Who: Make-up artist Christina Oh, 51, founder of make-up training firm Colour Face International and senior member of the Makeup Artists Association (Singapore). She has a 31-year-old son.
Favourite destination: Shenyang in China's Liaoning province
Why: North-east China's largest city - bordered by Russia to the north, North Korea in the south and Mongolia to the west - has a rich history. The important commercial city and trade centre was established during the Warring States era, around 300BC, and became the imperial capital of the Qing dynasty in the 17th century.
Besides imperial architecture and unique landscapes, visitors get to experience the region's distinctive melange of cultures and heritage, left behind by successive ruling powers including the Mongols, Manchus, Russians and Japanese.
The locals are friendly and helpful, whether it's helping you to read a map or find a new place to eat at. They will check if you are well-rested or have had enough to eat. It's endearing.
I usually stay at Somerset Heping Shenyang, which has serviced apartments (No. 80 Taiyuan North Street, Heping District; tel: +86-24-2397-5555; www.somerset.com/en/china/shenyang/somerset_heping_shenyang.html).
It is convenient and has impeccable service. It's nice to have home comforts such as a kitchen so I can make a cup of coffee and have a snack before heading out.
Heping is the city's entertainment and shopping hub, the equivalent of Orchard Road. I love being in the midst of the action and within walking distance of the metro, which makes it easy to get around the city.
Rooms start at about S$90 a night.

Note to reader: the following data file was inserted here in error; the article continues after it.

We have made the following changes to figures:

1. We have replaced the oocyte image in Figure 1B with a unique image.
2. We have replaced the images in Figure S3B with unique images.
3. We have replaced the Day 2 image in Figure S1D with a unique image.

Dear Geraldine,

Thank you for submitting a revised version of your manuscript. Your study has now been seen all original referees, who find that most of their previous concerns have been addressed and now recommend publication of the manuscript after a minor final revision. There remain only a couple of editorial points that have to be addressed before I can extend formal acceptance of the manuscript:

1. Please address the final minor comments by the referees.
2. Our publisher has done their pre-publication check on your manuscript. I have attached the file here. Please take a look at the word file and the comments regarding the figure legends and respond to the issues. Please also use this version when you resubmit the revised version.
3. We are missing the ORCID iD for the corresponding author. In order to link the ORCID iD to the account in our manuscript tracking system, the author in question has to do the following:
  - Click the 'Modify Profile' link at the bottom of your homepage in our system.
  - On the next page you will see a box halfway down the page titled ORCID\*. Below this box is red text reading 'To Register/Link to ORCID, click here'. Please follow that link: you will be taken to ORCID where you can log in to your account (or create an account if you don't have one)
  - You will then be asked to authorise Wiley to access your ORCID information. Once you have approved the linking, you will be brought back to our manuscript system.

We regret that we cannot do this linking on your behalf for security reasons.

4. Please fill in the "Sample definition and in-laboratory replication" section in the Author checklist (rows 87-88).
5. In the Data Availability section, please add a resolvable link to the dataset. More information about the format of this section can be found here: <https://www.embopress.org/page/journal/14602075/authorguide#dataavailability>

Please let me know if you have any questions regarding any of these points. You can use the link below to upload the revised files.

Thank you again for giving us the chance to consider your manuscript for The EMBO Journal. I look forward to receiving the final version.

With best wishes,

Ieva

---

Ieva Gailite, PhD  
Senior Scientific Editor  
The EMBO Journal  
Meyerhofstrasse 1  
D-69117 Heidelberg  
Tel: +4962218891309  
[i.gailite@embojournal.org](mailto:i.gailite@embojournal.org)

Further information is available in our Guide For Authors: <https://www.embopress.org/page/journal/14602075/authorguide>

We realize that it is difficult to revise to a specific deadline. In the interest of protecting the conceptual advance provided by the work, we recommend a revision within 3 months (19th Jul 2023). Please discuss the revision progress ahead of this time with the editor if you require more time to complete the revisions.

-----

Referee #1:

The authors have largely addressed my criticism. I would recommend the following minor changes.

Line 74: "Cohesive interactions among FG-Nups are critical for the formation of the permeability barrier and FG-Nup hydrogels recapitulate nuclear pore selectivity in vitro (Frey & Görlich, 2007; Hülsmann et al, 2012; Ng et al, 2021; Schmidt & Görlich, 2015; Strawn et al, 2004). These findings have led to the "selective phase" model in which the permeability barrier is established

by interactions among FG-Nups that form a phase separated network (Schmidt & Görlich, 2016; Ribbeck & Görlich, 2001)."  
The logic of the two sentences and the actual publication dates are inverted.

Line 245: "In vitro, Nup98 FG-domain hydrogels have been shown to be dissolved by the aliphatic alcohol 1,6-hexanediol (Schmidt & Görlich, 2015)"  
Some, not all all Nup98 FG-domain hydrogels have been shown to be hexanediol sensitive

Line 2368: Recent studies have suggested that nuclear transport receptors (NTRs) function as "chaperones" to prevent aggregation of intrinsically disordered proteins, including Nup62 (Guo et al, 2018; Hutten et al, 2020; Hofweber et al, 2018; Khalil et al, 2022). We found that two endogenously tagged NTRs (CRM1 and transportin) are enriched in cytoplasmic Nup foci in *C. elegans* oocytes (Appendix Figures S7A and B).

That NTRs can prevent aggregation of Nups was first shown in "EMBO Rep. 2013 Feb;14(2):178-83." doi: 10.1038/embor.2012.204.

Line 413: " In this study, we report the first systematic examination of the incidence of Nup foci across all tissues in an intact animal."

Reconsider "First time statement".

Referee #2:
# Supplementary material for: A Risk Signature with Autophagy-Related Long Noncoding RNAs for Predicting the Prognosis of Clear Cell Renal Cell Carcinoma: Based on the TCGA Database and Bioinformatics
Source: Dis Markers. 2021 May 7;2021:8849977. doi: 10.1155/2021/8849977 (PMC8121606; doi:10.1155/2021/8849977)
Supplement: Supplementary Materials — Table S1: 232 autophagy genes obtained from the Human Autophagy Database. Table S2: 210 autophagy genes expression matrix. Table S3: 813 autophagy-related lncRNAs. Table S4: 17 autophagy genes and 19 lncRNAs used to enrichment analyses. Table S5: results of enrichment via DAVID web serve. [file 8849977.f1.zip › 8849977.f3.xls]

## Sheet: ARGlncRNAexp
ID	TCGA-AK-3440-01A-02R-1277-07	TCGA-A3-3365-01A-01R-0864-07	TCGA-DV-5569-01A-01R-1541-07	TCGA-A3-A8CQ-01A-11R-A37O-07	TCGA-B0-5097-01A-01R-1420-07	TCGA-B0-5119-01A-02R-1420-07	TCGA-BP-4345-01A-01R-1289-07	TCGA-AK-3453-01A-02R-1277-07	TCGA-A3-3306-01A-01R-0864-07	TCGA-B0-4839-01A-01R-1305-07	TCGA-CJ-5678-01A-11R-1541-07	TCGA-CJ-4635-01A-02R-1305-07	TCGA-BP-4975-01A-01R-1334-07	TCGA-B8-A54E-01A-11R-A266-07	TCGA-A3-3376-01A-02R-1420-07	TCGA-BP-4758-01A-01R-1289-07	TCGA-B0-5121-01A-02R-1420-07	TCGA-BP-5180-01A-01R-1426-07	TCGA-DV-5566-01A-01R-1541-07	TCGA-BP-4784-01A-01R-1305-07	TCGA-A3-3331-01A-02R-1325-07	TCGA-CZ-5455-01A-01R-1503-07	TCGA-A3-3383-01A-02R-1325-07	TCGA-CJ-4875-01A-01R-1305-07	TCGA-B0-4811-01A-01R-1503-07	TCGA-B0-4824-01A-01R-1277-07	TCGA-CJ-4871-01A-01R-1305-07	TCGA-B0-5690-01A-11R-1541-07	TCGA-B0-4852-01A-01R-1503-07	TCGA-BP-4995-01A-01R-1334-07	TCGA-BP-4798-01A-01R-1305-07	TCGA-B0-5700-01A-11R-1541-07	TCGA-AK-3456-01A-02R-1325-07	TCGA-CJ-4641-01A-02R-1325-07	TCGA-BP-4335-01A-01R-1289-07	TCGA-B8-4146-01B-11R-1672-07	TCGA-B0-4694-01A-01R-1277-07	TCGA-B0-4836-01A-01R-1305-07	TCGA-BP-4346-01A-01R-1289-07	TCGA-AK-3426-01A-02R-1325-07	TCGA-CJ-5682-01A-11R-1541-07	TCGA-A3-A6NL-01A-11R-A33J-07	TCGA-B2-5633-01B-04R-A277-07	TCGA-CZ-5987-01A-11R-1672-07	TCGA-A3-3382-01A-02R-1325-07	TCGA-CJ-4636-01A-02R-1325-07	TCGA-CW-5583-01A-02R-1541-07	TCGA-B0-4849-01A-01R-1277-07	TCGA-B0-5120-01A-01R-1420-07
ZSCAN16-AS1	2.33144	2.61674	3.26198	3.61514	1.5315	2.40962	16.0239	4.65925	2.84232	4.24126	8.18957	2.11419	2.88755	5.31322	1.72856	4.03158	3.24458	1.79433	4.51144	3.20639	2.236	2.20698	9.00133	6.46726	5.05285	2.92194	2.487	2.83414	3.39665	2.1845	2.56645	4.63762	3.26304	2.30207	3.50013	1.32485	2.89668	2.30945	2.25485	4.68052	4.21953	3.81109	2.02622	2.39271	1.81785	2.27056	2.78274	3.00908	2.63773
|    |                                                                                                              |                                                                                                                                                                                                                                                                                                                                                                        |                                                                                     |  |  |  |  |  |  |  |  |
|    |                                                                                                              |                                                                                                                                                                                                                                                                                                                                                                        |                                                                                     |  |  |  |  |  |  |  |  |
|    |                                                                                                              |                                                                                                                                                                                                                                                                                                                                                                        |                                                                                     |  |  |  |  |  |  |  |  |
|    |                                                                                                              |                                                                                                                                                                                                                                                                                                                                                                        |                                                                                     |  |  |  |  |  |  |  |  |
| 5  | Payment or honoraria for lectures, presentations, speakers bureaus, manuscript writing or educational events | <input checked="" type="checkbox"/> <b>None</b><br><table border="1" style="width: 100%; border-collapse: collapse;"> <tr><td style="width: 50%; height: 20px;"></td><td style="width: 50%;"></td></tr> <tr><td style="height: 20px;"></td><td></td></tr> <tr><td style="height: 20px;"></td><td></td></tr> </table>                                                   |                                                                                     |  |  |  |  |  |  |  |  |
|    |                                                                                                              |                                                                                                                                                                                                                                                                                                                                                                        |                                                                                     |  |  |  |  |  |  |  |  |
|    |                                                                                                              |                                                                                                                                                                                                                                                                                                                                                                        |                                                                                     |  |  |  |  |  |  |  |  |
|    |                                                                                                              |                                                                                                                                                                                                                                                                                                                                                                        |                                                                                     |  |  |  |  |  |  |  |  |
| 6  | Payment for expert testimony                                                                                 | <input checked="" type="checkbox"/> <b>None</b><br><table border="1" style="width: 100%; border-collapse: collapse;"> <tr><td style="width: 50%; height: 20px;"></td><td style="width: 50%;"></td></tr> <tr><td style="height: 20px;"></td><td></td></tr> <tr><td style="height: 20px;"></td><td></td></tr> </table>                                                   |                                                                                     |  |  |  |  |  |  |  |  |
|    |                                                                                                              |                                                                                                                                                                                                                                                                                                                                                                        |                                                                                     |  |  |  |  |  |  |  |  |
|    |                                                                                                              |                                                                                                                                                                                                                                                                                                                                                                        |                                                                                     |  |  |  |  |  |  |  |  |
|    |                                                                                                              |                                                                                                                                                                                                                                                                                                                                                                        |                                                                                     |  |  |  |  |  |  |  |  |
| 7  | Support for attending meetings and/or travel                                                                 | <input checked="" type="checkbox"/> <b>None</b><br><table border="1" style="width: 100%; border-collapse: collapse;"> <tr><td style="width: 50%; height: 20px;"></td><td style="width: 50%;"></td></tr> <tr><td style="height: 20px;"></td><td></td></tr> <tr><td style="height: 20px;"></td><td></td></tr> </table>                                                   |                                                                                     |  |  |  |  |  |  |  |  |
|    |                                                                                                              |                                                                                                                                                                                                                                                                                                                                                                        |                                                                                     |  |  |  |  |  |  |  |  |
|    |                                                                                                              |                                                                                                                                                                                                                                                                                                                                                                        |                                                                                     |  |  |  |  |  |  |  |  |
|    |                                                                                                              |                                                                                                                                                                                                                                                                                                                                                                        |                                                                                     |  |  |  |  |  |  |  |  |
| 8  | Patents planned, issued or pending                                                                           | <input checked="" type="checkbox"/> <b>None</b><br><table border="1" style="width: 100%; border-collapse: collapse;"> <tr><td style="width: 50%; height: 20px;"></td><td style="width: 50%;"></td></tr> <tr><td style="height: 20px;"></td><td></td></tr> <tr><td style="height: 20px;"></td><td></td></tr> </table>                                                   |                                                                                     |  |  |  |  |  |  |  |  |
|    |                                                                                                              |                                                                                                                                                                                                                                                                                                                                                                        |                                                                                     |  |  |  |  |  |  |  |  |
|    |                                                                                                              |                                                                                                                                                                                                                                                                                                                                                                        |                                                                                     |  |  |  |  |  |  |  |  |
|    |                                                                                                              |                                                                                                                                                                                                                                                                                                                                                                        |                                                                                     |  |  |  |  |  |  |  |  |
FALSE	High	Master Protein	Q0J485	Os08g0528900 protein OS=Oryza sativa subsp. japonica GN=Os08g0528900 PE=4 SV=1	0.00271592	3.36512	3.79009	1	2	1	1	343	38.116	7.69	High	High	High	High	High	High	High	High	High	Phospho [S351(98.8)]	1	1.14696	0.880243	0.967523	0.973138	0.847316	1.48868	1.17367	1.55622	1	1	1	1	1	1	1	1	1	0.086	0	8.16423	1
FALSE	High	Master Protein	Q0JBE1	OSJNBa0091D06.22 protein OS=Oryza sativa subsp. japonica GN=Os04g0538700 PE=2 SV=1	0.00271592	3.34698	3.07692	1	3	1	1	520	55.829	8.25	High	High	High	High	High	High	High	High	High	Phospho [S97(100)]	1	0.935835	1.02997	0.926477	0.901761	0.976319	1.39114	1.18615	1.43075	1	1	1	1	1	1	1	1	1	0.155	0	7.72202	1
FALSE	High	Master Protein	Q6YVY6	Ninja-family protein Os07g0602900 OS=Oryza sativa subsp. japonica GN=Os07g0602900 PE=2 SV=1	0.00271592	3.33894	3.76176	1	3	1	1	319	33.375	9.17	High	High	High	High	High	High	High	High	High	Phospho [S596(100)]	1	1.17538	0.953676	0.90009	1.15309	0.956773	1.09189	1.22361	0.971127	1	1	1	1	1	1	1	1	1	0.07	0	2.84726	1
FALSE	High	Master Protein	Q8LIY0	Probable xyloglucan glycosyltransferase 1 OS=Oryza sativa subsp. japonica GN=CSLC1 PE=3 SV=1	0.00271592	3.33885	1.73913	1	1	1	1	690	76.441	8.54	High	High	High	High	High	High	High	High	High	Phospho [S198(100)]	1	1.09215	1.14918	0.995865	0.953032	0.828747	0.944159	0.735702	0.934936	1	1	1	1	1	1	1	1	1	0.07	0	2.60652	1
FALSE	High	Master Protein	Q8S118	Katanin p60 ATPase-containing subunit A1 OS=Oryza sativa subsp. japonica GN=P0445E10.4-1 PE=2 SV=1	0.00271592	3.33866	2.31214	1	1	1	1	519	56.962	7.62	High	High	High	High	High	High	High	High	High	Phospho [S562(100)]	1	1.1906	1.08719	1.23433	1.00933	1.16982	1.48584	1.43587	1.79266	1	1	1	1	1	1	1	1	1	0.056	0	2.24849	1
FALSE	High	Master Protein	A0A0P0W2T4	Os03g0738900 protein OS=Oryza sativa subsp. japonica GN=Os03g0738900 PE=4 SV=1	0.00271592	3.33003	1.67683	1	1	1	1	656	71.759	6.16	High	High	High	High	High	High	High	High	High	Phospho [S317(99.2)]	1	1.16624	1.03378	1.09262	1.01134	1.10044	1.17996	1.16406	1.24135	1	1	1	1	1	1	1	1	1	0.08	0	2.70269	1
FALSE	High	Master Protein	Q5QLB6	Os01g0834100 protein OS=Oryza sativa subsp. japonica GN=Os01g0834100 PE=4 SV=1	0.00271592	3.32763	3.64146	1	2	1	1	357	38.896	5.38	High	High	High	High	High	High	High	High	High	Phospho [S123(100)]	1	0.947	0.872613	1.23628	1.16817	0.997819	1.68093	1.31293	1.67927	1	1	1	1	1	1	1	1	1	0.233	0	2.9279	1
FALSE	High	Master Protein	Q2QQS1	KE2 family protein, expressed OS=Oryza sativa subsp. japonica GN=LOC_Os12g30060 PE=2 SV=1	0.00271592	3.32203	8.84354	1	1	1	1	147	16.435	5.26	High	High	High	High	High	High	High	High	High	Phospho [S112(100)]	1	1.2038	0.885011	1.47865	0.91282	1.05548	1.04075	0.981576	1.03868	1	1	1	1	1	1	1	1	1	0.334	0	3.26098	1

Zhan Shifu Crab Restaurant (178 11th Latitude Road, Shenhe, Shenyang), which is part of a restaurant group that can be found throughout north-east China. The restaurant specialises in Sichuan-style cooking and I love the fragrant flavours of the mini lobsters and spicy crab, which are stir-fried in an iron wok.
The spiciness of the dishes will warm you up in cold weather and is a change from the typical north-eastern Chinese cuisine of dumplings, buns and rice. A meal here costs about S$40 a person.
If you love art, Liaoning Provincial Museum (No.157, Zhihui San Street, Hunnan district; tel: +86- 24-2274-1193; www.lnmuseum.com.cn/shengbowenenglishi) is a must-visit. Its huge collection provides a comprehensive overview of China's art history and production from the Paleolithic era to the Qing dynasty. Admission is free.
Favourite tourist site
Shenyang is ideal for history lovers and the Shenyang Imperial Palace (171 Shenyang Road; tel: +86-24-2484-4192; en.sypm.org.cn), also known as Mukden Palace, is one of the city's highlights. It is hard not to be blown away by the striking Manchu architecture of the Unesco World Heritage site.
Built in 1625 to resemble the Forbidden City in Beijing, it was the home of the first three emperors of the Qing dynasty.
With more than 300 rooms, 20 gardens and hundreds of artefacts from Shenyang's imperial past, it is a symbol of the city's power. Admission is 60 yuan (S$12.50).